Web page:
“Leave ‘her to me” Bill said.  “She’ll be a'wright. You get t’ farm quick an’ phone fire-brigade…quick as y’ can…hurry!”

I did my best to emulate Reg Harris (famous cyclist) as I raced along the lanes and burst breathlessly into the Bright’s. “Phone, quick….Bill’s house…lightning struck thatch…fire-brigade….quick!”

Mr Bright hurried to the phone, calling back… “You get the men….and a tractor and trailer and we’ll be off down there to lend a hand.”

The tractor sped along and Bert Mason said. “Must a bin a thunder-bolt went in that there thatch.” as we came in sight of the cottage.

Arthur Damian, the carter, shook his head mournfully.  “Whatever ‘tis, ‘tis got a hold an’ if they fire-brigade lads aint ‘ere soon….”

“We can start getting their things out, anyway.” Mr Bright said “so come on now, all hands to the job!”

We jumped from the trailer and went into the house.  “Get the stuff from the top rooms first.” He ordered, “Hurry along before the rest of the thatch takes!”

Young Basil and me dashed up the narrow stairs to be confronted by a large brass bed, huge wardrobe and other bits and pieces.  We decided on the other bits and pieces and started handing them down: water jugs, ere, towels, clothes, curtains and….chamber pots! “Gosh, what a lot of po’s” I said. Couldn’t help laughing as I passed down one and then another and heard Mr Bright laugh too, as he took hold of yet another, saying “How many more of these ‘personal items’ are you giving me, Norah?”

“Dunno” I said, handing down two more and dropping the last one with a crash and lots of splintered china.   “Where’s dratted firemen, that’s what I’d like t’ know?” Bill was shouting as smoke began to fill the house.  “Should‘ve bin ‘ere by now if ‘ems coming from Romsey…” Arthur coughed.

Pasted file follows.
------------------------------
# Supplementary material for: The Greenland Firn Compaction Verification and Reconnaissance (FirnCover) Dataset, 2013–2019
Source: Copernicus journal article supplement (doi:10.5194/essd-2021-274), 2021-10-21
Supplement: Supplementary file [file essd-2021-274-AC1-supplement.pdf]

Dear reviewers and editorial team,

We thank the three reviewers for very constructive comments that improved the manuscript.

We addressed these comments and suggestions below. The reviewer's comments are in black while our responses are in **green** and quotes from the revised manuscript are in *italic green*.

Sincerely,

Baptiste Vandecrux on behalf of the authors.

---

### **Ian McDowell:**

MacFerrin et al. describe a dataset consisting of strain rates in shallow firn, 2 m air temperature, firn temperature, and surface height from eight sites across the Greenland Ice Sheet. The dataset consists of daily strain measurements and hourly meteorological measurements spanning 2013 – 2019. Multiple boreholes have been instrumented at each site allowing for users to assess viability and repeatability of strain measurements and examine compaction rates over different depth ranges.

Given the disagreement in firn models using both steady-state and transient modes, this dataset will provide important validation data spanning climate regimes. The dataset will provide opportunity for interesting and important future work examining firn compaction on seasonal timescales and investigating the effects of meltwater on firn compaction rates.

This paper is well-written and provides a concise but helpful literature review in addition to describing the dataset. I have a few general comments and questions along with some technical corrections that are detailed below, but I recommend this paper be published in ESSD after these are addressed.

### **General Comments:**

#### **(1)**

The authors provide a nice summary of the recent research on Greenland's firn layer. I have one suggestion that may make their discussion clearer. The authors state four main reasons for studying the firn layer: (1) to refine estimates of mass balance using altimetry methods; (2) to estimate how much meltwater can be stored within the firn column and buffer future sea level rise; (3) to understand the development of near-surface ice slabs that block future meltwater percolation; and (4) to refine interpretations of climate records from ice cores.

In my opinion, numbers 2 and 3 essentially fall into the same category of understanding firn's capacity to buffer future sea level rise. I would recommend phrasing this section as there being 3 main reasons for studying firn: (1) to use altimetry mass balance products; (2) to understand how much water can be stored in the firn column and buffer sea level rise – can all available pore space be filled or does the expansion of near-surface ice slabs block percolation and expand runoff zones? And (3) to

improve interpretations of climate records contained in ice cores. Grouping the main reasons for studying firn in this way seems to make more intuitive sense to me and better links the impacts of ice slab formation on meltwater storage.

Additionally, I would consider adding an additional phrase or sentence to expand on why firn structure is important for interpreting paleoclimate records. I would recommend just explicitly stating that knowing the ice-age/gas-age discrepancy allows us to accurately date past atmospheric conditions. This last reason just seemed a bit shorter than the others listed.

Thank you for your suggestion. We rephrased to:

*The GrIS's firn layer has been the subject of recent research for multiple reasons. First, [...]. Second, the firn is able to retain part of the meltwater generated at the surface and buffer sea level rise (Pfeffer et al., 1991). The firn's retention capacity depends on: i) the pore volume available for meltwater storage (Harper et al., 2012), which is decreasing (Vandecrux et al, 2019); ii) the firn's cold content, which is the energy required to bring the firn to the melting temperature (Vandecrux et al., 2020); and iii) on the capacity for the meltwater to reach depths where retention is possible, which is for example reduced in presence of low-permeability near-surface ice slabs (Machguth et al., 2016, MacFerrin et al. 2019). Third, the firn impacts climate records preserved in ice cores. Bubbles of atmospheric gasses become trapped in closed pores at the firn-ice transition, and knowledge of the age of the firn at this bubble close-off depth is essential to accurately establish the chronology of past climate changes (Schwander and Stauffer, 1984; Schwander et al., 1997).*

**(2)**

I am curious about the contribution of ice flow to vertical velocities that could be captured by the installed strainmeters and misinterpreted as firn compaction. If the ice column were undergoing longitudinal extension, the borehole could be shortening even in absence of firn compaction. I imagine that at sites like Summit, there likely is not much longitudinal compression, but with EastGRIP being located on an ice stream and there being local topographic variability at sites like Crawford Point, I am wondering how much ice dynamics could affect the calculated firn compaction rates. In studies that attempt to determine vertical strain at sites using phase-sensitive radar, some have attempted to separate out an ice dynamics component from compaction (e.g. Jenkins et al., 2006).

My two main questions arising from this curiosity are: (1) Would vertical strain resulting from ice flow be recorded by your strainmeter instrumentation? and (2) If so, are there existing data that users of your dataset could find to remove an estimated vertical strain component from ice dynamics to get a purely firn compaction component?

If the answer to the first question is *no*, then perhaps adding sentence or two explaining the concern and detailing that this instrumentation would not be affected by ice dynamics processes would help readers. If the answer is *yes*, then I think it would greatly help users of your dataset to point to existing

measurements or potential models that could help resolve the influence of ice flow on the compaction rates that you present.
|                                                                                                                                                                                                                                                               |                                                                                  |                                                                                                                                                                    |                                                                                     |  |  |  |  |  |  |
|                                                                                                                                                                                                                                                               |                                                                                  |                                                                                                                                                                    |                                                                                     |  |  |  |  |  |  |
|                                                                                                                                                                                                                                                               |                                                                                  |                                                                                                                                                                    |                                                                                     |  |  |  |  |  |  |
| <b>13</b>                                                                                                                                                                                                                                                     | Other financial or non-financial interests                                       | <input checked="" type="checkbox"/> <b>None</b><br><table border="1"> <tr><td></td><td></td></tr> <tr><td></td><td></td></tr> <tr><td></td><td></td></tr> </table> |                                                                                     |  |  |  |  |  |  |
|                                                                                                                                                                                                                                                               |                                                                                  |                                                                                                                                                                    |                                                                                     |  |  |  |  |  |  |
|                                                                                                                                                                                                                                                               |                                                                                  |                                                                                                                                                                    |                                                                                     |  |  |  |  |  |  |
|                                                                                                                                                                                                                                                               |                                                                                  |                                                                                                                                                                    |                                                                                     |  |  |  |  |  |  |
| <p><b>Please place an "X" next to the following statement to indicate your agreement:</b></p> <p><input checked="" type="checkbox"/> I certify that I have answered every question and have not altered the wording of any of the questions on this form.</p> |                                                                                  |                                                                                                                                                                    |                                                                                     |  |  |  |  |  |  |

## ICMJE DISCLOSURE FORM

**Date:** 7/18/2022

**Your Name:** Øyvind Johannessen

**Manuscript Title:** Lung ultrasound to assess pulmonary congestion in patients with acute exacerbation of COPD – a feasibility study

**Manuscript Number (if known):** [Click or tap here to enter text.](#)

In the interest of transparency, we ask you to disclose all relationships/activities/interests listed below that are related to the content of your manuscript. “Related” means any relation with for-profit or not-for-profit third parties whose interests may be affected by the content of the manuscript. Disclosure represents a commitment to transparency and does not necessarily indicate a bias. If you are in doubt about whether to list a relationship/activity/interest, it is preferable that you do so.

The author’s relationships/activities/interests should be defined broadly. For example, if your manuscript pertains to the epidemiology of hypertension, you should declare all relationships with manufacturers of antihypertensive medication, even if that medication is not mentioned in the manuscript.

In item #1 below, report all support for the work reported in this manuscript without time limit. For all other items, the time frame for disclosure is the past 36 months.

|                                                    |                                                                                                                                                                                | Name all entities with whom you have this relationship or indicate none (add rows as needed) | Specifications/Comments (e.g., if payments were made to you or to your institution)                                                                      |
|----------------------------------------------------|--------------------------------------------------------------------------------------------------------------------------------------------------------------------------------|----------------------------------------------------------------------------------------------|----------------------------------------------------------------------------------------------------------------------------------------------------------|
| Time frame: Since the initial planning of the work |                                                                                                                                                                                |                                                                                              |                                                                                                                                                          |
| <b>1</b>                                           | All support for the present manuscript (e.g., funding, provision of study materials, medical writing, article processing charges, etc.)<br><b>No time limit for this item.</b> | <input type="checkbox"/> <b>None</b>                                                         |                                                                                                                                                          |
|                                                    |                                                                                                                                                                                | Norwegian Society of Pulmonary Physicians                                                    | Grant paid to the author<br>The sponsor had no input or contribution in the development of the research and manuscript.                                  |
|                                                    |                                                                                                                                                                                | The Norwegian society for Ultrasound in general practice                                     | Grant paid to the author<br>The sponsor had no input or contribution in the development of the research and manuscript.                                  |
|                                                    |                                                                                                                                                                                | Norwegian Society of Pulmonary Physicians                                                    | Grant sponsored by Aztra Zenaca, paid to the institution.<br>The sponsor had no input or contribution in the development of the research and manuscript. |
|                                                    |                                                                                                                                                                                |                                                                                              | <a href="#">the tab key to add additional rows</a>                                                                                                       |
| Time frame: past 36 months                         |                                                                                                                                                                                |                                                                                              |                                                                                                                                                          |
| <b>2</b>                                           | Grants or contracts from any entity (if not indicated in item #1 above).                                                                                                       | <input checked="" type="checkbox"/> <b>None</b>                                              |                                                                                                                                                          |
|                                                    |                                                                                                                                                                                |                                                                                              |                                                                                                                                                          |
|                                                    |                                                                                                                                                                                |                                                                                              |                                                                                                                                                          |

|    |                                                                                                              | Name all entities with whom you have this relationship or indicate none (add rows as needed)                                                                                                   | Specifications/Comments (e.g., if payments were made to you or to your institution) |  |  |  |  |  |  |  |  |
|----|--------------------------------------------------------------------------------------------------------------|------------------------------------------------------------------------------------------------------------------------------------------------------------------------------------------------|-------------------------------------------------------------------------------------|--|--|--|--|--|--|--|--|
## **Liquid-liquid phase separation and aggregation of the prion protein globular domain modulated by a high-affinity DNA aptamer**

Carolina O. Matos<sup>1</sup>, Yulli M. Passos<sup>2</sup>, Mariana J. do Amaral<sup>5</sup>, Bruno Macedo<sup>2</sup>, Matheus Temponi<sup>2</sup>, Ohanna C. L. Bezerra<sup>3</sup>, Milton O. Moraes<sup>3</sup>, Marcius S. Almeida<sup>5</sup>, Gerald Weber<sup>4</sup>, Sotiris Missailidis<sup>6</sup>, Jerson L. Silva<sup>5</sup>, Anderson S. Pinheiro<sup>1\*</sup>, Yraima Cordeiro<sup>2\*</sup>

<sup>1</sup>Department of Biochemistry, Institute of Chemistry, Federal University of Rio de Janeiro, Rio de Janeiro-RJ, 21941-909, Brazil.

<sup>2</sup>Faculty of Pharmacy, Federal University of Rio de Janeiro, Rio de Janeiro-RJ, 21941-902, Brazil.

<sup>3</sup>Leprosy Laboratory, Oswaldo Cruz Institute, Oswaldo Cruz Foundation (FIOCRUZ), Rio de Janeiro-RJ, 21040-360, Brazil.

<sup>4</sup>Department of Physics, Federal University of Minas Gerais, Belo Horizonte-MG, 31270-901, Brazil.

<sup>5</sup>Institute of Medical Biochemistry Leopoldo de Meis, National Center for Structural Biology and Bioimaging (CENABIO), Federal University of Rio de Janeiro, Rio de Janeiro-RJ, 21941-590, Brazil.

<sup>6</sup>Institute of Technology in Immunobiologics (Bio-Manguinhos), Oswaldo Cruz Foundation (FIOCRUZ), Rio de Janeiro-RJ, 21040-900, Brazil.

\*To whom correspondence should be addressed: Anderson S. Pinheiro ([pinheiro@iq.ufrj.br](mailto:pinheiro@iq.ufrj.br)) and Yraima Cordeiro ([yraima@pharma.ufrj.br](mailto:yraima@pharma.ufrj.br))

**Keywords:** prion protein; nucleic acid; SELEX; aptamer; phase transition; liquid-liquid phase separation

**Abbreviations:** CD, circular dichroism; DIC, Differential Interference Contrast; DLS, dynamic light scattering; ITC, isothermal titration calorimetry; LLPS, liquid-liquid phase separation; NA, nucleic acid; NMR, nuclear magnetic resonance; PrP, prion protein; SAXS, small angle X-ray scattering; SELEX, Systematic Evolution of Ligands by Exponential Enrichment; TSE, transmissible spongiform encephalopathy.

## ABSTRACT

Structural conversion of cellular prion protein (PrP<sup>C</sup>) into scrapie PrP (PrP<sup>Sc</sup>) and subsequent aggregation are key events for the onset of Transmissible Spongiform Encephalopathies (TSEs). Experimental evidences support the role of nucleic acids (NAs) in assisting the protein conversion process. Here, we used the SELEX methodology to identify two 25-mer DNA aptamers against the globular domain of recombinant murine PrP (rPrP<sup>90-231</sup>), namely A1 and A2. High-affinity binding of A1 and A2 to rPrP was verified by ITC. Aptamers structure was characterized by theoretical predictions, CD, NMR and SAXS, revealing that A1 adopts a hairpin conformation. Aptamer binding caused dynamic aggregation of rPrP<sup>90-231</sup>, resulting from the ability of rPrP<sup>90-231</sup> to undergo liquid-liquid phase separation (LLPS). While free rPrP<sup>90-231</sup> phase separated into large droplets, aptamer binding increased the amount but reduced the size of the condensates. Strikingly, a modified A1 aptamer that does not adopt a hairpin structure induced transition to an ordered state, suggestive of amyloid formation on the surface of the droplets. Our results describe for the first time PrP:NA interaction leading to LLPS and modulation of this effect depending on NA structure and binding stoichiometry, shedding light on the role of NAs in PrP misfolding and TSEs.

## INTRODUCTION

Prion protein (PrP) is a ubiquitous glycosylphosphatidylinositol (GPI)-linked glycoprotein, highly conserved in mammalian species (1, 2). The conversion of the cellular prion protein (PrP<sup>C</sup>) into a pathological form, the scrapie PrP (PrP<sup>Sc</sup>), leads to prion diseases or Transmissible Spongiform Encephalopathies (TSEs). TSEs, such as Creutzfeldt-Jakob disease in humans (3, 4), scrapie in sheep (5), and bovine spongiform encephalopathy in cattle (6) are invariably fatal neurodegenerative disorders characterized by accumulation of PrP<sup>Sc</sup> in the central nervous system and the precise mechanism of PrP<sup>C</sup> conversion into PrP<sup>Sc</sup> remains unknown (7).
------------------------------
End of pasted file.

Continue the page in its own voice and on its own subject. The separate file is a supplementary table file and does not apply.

The trailer was piling up; kitchen utensils, tables, chairs, sideboard, garments, tools, boots and shoes.  “What about our best bed?” Mrs Blake cried, “Our brass bed….and the carpet?”

Bert, Bill and me tied dirty handkerchiefs round our faces and staggered upstairs again, this time to a shower of sparks.  The ceiling was cracking up and bits of burning thatch fell through.  I stamped it out as Bill and Bert managed to dismantle the bed.  We had a terrible time shoving it and the dumpty mattress down those stairs.  I tried to rescue the carpet but it was nailed to the floor and as more flaming straw fell in around me, gave up and stumbled down, coughing and spluttering.  Just then we heard the bell of the fire-engine….at last!

“Where on earth ‘av you been?” Mr Bright asked angrily. 

“Sorry, Mister, we’d a’ bin here sooner but we saw smoke up the hill there by the Beeches an’ went on up fast as we could.”

“The Beeches???” we all chorused.  “Yerse…there was lots o’ smoke, see, but when we arrived it was just some ole fella burning hedge-trimming!

“Oh, my god!”, Mr Bright groaned, “That was Ernie, one of my men!”

They’d rushed the hose down to Wallop Brook opposite and we all stood about waiting for a powerful water-jet to burst through the nozzle and quench the blasé.  But nothing happened.

The fire-men came back cursing, looping up the flaccid hose.  “Won’t reach the brook, Miser. Too short by a few yards.  Sorry, can’t be ‘elped.  No water…sorry”

Everyone groaned as we stood helplessly and watched the fire win; the burning roof caved in at last and what remained of the Blake’s belongings went up in smoke.

Dorothy Bright came down with the car to take Bill and Mrs Blake to a temporary home on Bossington Estate and as they were leaving, Mrs Blake (still in shock I think) called out to me: “You dropped my best po, you did!  The one wiv the blue flowers onnit, what we ‘ad on our ‘oneymoon…dropped ‘un and BROKE ‘un my best pos…GONE!”

I apologised profusely as Mr Bright struggled with his laughter.  Then we all went away leaving the fire-men to cope with what remained of the lovely old Beehive Cottage.

Written by Norah Golden in 1991 of her memory of this sad occurrence.